Sunday, February 26, 2012

Self Filmed Rescue

Three local kayakers found themselves out in rough water yesterday as a paddle from Oak Bay Marina to Trial Island into 30 knot winds turned a little dicey. One kayaker stayed close to shore, but lost sight of the others who had rafted up, so he alerted rescue authorities. As it happened, the Oak Bay Rescue boat was nearby practising rough water kayak rescues with some paddlers from SISKA and was able to respond quickly. All ended well, except for one lost paddle.
One of those involved blogged about his experience, and here's his video of the rescue:

Thursday, February 23, 2012

The 2012 MEC Paddlefest Victoria....

....will be on Saturday, June 30 at Willows Beach. Mark your calendars accordingly.

Under A Northern Sun

You never know what you'll find when exploring the Interweb.
Recently, I stumbled upon UNDERTHESUN, a blog by Canadian artist Roy Arden. Each entry in the blog is a series of old photographs. For instance entry 056 starts at the 1968 Mexico Olympics, veers into Neil Young, and ends up with various modes of rail transportation. But along the way there's some photos of old Inuit kayaks and baidarkas.
No info was offered on these pics, but check out his website. I spent a lazy Sunday afternoon strolling through it and there's some interesting stuff there.

Friday, February 17, 2012

Victoria Paddle Festival

A reader named sonya stumbled upon my recent post noting that there will be no Vancouver Island Paddlefest this year. But she found a video suggesting that their will be a paddling event on the afternoon of March 10 along the Songhees waterfront on Victoria's harbour.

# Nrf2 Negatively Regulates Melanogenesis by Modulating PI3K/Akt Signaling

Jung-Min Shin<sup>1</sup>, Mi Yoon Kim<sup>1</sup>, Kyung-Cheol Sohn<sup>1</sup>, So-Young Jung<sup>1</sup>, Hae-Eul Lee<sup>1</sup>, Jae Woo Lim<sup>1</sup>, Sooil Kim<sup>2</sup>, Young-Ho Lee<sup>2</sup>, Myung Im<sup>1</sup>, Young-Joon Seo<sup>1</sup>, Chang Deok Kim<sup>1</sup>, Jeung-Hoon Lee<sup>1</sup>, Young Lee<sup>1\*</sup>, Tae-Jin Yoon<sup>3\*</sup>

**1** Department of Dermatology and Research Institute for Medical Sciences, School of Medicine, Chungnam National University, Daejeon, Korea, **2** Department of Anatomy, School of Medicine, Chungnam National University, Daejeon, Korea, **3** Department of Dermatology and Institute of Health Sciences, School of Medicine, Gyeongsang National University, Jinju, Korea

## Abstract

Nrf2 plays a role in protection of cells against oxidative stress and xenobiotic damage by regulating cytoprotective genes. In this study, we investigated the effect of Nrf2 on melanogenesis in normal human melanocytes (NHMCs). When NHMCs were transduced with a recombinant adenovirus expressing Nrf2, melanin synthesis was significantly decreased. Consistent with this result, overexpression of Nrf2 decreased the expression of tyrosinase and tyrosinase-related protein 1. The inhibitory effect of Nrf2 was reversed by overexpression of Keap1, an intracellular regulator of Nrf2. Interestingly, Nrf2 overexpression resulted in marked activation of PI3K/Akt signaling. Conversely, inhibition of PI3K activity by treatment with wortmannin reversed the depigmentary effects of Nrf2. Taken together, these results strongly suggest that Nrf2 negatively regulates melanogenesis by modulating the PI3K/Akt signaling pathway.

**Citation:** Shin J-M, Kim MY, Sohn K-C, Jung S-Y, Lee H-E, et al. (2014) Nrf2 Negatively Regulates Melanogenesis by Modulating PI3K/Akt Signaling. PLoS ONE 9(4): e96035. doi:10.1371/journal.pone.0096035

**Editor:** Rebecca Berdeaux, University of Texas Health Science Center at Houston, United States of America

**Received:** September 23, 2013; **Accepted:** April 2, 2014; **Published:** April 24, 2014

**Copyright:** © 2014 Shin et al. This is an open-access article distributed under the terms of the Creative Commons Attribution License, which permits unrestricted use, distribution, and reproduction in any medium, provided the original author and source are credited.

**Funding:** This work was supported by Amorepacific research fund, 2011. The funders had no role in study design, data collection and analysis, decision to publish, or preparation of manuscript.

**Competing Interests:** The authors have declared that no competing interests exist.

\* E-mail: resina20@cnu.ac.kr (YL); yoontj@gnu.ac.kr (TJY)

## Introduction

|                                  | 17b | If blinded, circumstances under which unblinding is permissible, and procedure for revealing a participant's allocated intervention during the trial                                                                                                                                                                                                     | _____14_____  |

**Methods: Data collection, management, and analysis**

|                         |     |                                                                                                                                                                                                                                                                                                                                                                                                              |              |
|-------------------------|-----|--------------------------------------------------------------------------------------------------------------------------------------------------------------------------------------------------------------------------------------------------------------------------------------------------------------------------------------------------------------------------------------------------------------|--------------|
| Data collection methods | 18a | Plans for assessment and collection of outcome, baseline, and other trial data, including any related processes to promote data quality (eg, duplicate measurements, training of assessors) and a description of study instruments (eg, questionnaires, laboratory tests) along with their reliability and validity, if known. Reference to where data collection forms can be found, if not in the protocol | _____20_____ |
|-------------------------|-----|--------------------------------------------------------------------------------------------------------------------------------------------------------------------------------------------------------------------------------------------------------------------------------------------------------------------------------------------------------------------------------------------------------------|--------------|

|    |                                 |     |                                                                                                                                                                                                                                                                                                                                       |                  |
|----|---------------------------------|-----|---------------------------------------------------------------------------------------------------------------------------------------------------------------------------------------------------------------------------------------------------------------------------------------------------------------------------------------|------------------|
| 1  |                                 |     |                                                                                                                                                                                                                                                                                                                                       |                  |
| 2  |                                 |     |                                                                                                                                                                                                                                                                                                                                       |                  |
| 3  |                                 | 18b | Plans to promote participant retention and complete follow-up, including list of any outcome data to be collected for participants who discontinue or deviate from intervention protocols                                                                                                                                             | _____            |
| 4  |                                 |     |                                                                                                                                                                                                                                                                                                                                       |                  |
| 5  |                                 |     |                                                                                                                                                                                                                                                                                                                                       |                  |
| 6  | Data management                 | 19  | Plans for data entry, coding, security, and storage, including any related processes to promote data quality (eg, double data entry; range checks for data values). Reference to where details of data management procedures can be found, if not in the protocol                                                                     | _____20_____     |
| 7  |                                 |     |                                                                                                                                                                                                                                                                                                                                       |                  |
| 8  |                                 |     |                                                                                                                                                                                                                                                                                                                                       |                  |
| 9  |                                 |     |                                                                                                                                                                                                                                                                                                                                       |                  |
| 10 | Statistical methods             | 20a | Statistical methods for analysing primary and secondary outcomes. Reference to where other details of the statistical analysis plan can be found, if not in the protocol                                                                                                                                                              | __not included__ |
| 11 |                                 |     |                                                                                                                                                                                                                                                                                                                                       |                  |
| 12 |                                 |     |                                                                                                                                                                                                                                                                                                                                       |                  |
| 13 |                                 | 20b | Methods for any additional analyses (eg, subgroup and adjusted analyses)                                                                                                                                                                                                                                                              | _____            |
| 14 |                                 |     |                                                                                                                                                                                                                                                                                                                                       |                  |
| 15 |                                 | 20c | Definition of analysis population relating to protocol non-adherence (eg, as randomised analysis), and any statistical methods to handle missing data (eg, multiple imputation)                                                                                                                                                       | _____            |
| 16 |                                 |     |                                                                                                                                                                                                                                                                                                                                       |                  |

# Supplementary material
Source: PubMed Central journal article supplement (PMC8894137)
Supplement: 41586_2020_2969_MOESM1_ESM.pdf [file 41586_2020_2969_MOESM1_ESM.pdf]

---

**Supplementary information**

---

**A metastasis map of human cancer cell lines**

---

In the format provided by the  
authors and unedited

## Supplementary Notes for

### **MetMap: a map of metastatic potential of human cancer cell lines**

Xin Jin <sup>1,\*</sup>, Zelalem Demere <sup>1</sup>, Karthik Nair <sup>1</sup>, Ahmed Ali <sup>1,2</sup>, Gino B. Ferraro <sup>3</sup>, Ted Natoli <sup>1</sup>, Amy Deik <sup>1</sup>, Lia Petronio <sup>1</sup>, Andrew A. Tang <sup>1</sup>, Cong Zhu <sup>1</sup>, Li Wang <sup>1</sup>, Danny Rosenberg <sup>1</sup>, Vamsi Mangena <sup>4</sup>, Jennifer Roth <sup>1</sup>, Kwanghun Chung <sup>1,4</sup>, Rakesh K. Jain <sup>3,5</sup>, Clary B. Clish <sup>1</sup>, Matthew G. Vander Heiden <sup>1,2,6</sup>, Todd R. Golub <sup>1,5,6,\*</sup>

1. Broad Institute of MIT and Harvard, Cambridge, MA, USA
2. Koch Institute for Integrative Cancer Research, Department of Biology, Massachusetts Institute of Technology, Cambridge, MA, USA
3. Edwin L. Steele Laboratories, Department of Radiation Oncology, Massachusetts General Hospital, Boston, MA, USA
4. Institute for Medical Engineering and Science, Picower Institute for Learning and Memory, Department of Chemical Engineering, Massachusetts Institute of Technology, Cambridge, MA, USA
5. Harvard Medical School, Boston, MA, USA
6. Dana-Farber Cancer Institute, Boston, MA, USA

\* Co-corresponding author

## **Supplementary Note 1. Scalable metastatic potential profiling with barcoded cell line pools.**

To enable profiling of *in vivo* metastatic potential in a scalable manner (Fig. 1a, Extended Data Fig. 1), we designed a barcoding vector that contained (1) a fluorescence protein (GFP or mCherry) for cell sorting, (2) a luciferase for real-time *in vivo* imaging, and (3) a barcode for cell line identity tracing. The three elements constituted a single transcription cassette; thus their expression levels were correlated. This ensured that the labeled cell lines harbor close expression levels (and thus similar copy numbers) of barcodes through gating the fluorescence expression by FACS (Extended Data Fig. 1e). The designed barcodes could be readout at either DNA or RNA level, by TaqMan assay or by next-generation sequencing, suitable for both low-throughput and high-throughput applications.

After a little Internet sleuthing, I found a website announcing the Victoria Paddle Festival. This event looks to be slipping in under the radar as I've not heard of it until now. From the website:
"The Victoria Paddle Festival is a celebration of adventure, science and education. This event aims to raise funds for OAR Northwest, a Canadian/American expedition ocean rowing team voyaging around Vancouver Island in April...Festival goers can test their skills on indoor rowing machines and try on the latest in nautical gear presented by Victoria’s local merchants. You can even view and climb OAR Northwest’s expedition craft, the world’s most technologically advanced ocean rowboat. Families will enjoy the chance to enter the silly model boat contest or sing along with sea shanties performed by local musicians. Finally, meet contemporary ocean rowers Jordan Hanssen, who rowed across the North-Atlantic Ocean in 2006, securing a Guinness World Record for his accomplishment. Speak with Adam Kreek and other Olympic medalists, as they share their passion for getting outside and experiencing the waterways."